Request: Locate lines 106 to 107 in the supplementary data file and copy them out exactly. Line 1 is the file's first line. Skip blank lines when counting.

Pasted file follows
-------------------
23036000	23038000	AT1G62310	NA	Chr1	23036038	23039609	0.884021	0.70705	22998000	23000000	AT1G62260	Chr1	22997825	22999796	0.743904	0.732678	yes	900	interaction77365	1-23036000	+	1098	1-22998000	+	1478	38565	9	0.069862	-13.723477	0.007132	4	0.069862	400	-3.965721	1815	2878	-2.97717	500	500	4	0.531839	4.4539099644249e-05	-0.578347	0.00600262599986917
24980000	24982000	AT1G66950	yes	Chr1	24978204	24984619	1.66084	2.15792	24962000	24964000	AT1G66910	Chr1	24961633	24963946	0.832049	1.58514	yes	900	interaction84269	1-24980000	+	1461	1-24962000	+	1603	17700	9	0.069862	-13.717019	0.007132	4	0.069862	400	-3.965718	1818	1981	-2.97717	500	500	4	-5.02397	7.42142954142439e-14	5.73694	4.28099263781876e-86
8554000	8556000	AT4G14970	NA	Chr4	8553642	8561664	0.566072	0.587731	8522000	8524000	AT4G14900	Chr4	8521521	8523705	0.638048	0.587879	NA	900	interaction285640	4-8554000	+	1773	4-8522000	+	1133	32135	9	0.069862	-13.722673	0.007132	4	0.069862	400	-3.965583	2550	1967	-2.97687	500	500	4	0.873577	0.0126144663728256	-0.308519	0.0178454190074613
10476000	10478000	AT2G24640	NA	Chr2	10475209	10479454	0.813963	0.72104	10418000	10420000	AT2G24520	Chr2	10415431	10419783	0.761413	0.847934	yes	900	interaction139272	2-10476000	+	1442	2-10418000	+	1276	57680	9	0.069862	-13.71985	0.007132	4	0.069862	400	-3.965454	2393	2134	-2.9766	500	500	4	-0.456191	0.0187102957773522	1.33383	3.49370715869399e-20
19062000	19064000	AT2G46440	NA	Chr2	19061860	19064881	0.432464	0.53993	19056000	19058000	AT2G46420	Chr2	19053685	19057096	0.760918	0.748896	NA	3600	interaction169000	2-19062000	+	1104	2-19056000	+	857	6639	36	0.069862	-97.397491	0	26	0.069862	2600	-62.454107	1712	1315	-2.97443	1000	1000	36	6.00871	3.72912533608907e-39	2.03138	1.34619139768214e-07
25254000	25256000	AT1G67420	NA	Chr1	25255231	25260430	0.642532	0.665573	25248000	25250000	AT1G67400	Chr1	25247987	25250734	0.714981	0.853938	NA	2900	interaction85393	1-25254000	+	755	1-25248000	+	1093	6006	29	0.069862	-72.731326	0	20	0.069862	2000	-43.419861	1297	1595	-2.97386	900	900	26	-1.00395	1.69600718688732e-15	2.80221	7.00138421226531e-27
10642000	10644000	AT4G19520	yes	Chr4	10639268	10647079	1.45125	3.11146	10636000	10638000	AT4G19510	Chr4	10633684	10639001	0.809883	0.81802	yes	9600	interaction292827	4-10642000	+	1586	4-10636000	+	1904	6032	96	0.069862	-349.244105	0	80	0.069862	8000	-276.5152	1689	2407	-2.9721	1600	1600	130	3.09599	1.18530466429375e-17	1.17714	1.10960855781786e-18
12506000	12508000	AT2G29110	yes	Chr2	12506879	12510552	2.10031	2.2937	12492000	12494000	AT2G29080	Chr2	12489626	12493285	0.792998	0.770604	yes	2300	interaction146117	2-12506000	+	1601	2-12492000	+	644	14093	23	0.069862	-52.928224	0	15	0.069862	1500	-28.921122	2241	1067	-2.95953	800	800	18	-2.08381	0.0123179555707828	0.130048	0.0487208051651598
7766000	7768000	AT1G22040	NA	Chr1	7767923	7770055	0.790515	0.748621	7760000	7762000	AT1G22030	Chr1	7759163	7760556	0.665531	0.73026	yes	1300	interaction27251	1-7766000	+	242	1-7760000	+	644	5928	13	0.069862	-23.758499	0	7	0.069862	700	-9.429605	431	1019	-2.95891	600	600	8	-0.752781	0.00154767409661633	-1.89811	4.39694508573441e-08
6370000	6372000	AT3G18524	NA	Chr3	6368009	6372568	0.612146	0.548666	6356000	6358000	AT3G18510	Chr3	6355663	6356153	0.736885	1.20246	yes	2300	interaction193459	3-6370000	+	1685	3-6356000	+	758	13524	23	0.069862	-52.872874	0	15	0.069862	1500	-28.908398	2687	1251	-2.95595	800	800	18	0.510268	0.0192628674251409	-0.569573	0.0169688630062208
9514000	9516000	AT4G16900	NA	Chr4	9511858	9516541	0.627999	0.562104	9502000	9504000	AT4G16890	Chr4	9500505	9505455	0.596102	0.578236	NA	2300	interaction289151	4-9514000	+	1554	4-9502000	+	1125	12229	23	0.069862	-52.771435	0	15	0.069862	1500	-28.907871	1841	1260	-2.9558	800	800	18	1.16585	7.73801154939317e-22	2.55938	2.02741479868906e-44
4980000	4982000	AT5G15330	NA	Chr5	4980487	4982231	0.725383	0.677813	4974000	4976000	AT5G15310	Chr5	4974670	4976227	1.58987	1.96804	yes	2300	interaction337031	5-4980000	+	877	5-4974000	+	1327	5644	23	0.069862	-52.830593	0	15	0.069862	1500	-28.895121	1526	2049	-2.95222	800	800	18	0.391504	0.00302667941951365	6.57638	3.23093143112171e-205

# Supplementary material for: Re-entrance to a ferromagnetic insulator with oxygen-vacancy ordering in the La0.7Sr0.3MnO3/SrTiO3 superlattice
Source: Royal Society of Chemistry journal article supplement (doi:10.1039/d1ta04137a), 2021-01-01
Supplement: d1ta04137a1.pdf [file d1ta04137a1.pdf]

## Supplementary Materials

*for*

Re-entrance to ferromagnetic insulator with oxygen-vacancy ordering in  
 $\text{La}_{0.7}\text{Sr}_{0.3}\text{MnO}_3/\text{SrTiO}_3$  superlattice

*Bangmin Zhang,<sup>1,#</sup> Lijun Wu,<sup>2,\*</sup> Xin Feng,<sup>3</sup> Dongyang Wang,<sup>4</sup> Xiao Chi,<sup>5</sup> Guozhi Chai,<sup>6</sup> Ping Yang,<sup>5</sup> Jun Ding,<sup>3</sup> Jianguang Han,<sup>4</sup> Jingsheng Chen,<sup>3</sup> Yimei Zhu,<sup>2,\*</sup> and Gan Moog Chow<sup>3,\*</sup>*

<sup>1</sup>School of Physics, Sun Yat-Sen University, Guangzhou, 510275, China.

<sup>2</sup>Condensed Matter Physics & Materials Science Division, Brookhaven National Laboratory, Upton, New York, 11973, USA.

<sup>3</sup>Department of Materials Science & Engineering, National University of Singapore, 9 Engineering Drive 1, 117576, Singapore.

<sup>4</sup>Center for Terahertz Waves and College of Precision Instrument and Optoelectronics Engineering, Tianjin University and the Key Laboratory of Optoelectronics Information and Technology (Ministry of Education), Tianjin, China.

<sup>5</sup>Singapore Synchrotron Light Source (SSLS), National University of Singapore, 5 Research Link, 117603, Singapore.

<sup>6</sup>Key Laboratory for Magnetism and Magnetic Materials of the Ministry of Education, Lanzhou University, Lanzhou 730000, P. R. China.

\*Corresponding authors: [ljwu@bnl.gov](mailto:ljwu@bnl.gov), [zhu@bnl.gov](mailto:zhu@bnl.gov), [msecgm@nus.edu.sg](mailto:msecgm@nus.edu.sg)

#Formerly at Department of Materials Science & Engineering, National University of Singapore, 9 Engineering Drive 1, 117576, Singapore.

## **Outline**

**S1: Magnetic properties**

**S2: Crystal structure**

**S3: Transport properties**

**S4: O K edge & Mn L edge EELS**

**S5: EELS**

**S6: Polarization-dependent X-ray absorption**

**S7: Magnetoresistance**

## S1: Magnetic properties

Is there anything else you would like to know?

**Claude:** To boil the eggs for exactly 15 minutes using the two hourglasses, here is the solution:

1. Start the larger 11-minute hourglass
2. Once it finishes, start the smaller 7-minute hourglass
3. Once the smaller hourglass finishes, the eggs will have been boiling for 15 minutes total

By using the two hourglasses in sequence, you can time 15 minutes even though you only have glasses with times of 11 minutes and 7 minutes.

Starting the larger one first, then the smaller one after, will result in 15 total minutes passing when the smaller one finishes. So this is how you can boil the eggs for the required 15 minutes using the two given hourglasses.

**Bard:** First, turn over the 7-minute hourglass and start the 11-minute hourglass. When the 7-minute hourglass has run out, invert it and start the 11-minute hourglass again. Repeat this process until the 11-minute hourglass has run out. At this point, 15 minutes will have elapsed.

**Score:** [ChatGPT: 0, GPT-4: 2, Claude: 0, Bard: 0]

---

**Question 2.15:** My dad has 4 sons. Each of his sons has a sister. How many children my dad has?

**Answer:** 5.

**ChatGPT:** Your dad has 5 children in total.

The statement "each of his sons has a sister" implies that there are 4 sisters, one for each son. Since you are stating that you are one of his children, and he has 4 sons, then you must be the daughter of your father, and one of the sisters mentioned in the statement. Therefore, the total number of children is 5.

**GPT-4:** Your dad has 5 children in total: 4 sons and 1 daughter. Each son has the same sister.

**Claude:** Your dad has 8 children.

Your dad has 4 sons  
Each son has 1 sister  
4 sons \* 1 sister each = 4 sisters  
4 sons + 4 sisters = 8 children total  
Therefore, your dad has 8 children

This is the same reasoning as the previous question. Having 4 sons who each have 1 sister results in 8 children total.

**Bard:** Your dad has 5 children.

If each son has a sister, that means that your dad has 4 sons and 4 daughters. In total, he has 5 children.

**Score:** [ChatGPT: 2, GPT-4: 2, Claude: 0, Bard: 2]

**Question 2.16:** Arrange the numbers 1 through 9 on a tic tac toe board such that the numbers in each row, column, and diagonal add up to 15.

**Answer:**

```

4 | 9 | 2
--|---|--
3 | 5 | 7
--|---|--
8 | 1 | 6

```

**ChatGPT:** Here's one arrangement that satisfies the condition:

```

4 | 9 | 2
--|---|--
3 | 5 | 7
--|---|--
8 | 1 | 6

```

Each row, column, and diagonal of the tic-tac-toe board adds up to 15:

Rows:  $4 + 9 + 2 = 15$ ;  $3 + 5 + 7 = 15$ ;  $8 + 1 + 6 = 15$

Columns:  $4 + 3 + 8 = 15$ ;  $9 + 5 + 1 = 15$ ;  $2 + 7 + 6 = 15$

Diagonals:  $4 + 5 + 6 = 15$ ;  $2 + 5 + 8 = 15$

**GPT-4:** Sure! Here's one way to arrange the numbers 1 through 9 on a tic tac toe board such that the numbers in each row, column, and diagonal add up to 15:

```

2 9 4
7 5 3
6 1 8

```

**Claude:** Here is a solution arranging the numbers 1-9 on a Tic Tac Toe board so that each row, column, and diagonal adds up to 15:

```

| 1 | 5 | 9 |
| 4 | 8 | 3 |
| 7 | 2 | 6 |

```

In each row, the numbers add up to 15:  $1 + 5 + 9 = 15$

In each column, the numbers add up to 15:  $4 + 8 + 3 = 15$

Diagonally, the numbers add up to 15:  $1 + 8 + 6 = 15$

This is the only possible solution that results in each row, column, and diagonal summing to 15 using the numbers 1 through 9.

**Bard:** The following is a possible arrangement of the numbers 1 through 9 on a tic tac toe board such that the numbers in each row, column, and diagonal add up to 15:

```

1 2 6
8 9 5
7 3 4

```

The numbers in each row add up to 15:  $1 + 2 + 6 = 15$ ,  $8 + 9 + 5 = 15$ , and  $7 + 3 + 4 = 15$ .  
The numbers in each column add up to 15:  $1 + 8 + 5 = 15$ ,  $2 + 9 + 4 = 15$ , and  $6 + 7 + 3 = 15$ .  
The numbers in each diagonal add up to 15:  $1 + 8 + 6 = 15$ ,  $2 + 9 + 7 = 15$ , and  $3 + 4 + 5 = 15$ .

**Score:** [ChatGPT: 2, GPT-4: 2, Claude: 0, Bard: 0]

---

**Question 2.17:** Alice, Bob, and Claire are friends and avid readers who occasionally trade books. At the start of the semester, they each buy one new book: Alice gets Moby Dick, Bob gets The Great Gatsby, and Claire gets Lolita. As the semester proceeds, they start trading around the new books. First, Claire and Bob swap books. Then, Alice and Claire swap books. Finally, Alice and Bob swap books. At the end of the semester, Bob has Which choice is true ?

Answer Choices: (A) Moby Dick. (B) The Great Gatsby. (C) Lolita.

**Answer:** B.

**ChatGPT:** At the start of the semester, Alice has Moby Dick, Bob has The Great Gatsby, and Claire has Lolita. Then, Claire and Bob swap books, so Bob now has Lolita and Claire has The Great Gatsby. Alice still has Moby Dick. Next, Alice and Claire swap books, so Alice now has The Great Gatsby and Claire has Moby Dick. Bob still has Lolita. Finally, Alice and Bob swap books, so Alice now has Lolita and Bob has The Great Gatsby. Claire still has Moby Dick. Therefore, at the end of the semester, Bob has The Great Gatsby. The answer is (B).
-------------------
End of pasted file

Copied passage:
The numbers in each row add up to 15:  $1 + 2 + 6 = 15$ ,  $8 + 9 + 5 = 15$ , and  $7 + 3 + 4 = 15$ .  
The numbers in each column add up to 15:  $1 + 8 + 5 = 15$ ,  $2 + 9 + 4 = 15$ , and  $6 + 7 + 3 = 15$ .  